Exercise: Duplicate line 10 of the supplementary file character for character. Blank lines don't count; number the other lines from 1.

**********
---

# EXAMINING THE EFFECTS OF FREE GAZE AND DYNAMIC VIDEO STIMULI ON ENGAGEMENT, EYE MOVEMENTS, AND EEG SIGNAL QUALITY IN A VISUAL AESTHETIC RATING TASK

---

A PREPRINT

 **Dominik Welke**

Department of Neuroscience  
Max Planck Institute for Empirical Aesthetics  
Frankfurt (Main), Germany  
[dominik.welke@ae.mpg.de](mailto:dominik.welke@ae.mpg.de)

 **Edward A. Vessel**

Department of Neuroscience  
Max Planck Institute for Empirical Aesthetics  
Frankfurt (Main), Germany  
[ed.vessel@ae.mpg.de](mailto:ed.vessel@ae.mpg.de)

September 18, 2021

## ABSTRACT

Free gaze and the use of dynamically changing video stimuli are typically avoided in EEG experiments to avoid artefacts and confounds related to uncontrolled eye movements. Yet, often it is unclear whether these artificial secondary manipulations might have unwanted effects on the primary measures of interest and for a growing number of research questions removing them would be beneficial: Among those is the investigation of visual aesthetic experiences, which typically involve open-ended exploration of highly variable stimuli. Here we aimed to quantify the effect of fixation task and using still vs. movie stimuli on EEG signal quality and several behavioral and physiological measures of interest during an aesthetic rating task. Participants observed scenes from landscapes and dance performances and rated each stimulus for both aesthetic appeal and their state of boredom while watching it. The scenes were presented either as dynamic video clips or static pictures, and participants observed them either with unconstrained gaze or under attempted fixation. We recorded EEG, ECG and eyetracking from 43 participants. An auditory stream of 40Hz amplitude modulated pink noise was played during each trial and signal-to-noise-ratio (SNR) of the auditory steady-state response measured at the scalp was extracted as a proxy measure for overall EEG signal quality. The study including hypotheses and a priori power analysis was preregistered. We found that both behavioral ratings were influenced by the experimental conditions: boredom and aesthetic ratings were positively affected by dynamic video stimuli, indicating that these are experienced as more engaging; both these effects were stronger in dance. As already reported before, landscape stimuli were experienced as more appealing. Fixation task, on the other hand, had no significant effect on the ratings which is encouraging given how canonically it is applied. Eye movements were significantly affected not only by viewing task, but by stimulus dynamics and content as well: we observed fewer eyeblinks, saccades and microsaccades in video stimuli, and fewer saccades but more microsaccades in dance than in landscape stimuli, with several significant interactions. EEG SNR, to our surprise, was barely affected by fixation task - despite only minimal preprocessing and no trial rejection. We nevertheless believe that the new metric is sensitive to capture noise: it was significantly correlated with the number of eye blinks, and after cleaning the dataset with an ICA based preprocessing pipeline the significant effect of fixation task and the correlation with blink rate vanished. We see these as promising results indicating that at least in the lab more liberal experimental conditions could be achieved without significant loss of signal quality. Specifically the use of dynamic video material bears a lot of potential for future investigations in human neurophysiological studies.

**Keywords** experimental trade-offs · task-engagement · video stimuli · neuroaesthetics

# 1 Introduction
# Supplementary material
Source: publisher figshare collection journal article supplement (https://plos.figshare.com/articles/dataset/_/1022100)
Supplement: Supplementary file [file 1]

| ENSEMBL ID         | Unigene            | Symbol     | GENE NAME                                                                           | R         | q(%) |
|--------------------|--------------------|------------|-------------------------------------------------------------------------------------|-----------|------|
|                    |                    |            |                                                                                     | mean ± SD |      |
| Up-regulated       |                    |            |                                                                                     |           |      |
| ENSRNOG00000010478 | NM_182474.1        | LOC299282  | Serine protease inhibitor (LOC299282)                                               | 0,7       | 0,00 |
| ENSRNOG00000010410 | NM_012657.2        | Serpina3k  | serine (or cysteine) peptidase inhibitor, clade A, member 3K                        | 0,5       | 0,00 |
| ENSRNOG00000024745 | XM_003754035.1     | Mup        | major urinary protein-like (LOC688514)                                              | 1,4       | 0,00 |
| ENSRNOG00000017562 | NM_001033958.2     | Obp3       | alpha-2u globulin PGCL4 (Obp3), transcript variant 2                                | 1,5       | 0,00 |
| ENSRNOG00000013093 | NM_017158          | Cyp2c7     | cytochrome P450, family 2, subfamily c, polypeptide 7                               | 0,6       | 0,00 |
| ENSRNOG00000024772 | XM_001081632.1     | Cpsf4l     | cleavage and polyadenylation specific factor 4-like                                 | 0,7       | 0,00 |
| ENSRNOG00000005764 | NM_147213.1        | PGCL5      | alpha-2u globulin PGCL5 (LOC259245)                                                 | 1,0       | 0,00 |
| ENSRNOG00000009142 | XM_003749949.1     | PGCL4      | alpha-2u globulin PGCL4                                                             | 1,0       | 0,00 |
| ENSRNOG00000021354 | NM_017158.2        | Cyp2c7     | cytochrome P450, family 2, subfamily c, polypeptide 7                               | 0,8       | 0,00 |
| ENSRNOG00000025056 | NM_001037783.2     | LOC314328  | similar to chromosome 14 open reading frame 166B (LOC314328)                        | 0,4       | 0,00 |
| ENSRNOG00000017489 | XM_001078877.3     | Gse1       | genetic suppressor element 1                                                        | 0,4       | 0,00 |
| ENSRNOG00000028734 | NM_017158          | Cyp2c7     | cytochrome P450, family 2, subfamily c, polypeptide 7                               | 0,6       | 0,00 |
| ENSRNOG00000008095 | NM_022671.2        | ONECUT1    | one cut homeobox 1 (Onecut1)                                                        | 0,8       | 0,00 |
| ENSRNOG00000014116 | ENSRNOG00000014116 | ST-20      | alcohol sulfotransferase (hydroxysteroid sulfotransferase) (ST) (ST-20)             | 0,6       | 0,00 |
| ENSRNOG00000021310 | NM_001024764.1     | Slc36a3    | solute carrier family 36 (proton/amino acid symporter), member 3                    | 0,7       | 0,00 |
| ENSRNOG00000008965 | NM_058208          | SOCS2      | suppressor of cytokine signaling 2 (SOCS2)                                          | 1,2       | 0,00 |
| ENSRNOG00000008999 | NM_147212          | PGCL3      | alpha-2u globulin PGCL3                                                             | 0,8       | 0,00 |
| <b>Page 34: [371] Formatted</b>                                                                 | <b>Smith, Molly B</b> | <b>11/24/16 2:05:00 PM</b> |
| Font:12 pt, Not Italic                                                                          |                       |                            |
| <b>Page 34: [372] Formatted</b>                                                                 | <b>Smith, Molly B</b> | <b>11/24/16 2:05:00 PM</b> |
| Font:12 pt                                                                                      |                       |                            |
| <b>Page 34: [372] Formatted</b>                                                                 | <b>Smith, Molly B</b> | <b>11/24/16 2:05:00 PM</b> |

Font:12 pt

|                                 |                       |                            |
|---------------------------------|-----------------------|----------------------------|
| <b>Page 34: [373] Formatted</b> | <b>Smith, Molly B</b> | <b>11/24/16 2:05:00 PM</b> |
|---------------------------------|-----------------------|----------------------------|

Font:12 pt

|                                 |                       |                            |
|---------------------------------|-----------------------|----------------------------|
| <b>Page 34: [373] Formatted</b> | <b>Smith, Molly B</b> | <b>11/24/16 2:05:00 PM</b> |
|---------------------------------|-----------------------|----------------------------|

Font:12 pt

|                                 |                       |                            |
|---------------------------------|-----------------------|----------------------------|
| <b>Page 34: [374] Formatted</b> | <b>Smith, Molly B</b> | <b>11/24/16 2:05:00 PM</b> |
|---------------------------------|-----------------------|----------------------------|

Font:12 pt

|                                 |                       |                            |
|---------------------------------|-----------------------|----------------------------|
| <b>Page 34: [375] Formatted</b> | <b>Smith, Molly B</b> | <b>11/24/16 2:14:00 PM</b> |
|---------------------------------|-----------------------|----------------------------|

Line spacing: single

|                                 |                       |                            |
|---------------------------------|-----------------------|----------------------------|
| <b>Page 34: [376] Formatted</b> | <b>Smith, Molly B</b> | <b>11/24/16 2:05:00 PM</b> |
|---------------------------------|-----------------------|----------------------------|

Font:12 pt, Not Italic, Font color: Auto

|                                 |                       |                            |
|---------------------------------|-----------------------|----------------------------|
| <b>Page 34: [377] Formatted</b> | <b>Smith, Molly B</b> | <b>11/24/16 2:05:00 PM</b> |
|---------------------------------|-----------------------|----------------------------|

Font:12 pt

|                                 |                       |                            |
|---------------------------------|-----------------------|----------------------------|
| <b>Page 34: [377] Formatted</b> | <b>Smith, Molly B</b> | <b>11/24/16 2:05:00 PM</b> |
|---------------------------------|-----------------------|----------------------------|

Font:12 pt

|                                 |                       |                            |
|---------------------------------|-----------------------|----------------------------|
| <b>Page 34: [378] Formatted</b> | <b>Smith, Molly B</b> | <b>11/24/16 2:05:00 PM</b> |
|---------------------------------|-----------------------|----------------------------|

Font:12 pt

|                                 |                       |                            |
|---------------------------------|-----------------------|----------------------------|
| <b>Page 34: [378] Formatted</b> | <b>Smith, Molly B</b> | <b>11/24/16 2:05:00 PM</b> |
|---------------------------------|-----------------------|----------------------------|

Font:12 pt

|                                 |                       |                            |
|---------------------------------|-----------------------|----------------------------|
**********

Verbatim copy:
 **Edward A. Vessel**